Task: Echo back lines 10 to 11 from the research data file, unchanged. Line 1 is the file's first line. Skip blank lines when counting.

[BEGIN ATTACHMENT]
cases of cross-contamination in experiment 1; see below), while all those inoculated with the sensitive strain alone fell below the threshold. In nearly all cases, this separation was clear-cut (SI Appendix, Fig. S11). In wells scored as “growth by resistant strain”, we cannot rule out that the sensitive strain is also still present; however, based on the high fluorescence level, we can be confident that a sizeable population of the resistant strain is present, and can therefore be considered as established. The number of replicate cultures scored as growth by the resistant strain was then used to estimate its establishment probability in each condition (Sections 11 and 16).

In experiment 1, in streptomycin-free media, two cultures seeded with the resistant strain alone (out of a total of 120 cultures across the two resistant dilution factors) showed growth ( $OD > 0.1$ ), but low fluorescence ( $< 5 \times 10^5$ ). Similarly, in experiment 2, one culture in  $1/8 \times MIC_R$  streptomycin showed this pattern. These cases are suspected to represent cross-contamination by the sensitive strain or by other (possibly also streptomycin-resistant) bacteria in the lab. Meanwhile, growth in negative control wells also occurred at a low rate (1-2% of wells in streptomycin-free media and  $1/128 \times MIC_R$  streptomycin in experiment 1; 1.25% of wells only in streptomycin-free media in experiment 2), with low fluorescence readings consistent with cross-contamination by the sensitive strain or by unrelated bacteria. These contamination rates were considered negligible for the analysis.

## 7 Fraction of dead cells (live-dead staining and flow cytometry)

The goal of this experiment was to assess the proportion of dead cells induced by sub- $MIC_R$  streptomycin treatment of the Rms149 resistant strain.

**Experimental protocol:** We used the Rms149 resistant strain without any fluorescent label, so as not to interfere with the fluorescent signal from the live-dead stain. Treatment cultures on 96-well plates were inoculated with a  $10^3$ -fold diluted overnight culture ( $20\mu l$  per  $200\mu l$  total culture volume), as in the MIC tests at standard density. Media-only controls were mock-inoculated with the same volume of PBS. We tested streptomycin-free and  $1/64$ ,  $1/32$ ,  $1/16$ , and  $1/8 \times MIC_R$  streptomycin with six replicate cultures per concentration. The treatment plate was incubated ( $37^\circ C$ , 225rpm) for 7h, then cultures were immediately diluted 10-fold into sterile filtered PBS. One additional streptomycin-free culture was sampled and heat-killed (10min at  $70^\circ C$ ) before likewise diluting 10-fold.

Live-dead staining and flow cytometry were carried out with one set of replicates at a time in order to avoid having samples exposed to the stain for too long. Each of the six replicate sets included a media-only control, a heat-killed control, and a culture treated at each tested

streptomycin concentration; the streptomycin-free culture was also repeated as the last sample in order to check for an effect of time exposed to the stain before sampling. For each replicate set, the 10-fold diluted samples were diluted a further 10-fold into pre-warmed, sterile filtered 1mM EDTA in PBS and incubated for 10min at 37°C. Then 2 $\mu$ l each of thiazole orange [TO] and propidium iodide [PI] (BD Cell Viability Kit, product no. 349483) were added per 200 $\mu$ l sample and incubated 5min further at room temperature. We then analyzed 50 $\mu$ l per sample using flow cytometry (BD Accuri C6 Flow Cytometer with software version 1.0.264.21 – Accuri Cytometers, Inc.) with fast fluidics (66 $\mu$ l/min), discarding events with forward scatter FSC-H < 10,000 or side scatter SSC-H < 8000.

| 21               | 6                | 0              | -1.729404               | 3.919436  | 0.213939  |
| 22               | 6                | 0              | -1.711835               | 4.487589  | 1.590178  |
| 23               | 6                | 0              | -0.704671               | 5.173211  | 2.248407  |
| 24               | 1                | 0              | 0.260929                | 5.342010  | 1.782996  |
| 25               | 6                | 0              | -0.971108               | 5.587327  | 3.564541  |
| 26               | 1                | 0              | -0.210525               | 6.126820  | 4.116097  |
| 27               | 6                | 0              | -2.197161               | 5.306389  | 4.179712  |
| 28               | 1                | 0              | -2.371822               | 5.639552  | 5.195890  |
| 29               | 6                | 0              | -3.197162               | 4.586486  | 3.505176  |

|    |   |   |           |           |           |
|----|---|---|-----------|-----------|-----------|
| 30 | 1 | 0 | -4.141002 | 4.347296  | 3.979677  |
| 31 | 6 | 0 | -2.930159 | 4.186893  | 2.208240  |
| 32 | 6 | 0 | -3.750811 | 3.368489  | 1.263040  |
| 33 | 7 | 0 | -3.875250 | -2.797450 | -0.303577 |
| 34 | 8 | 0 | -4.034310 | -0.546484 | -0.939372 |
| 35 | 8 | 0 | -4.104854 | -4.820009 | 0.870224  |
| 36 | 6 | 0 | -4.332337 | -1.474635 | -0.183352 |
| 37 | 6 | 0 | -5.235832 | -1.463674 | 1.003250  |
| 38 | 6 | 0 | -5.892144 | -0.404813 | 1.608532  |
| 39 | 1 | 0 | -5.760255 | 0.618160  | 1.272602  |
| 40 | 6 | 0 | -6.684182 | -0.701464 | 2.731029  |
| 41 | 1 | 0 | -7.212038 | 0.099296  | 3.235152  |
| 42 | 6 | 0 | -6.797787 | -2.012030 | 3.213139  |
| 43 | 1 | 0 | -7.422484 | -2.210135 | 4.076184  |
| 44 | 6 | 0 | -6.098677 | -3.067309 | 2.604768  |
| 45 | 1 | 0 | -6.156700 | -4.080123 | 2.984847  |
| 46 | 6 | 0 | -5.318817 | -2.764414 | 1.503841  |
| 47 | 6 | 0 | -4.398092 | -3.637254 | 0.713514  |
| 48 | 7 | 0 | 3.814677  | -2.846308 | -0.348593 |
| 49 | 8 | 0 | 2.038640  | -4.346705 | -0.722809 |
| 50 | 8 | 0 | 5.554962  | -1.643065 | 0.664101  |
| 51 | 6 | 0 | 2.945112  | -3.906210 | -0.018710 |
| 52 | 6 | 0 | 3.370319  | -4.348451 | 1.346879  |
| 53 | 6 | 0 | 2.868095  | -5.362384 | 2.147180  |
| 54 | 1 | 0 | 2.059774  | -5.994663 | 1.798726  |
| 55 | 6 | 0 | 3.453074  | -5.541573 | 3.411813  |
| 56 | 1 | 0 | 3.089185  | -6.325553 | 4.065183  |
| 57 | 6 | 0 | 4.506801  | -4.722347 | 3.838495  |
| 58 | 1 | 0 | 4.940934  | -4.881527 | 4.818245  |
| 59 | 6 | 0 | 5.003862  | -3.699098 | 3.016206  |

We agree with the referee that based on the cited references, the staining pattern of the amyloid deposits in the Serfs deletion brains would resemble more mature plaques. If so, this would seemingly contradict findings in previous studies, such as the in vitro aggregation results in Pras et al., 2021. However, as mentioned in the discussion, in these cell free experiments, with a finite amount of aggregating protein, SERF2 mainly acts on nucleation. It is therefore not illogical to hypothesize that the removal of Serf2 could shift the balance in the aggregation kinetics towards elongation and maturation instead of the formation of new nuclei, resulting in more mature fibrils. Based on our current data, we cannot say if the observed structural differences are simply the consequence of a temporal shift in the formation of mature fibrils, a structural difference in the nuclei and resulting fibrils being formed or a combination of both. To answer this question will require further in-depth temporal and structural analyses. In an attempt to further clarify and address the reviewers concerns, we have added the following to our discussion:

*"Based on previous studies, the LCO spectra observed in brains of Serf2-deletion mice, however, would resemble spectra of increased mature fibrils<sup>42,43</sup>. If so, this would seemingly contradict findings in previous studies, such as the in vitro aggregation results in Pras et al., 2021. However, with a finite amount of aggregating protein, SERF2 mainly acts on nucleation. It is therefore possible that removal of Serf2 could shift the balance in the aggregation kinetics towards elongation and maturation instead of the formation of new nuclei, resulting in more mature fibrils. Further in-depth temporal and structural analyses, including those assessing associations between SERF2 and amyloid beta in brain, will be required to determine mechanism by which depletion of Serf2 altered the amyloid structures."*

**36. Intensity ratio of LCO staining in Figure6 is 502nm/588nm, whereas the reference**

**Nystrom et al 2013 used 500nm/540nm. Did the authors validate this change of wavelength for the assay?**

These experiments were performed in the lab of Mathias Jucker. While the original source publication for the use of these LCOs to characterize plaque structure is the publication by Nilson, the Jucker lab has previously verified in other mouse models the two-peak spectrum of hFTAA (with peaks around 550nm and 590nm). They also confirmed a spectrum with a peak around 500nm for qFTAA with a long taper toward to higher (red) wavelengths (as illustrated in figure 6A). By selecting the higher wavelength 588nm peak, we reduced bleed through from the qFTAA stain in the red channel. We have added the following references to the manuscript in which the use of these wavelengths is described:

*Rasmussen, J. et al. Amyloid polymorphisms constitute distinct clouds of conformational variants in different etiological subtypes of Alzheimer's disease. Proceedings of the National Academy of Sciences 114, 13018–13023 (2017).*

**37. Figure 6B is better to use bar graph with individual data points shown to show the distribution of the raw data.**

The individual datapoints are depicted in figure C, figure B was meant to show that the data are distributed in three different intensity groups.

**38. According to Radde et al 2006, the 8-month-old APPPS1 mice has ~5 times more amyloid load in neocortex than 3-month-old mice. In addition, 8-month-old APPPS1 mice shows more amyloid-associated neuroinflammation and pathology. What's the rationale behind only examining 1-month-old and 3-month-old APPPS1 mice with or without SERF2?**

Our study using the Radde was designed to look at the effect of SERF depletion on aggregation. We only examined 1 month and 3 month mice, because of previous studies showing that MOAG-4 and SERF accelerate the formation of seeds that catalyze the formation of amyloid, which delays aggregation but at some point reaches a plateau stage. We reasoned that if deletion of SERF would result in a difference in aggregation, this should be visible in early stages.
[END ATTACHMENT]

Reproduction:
| 23               | 6                | 0              | -0.704671               | 5.173211  | 2.248407  |
| 24               | 1                | 0              | 0.260929                | 5.342010  | 1.782996  |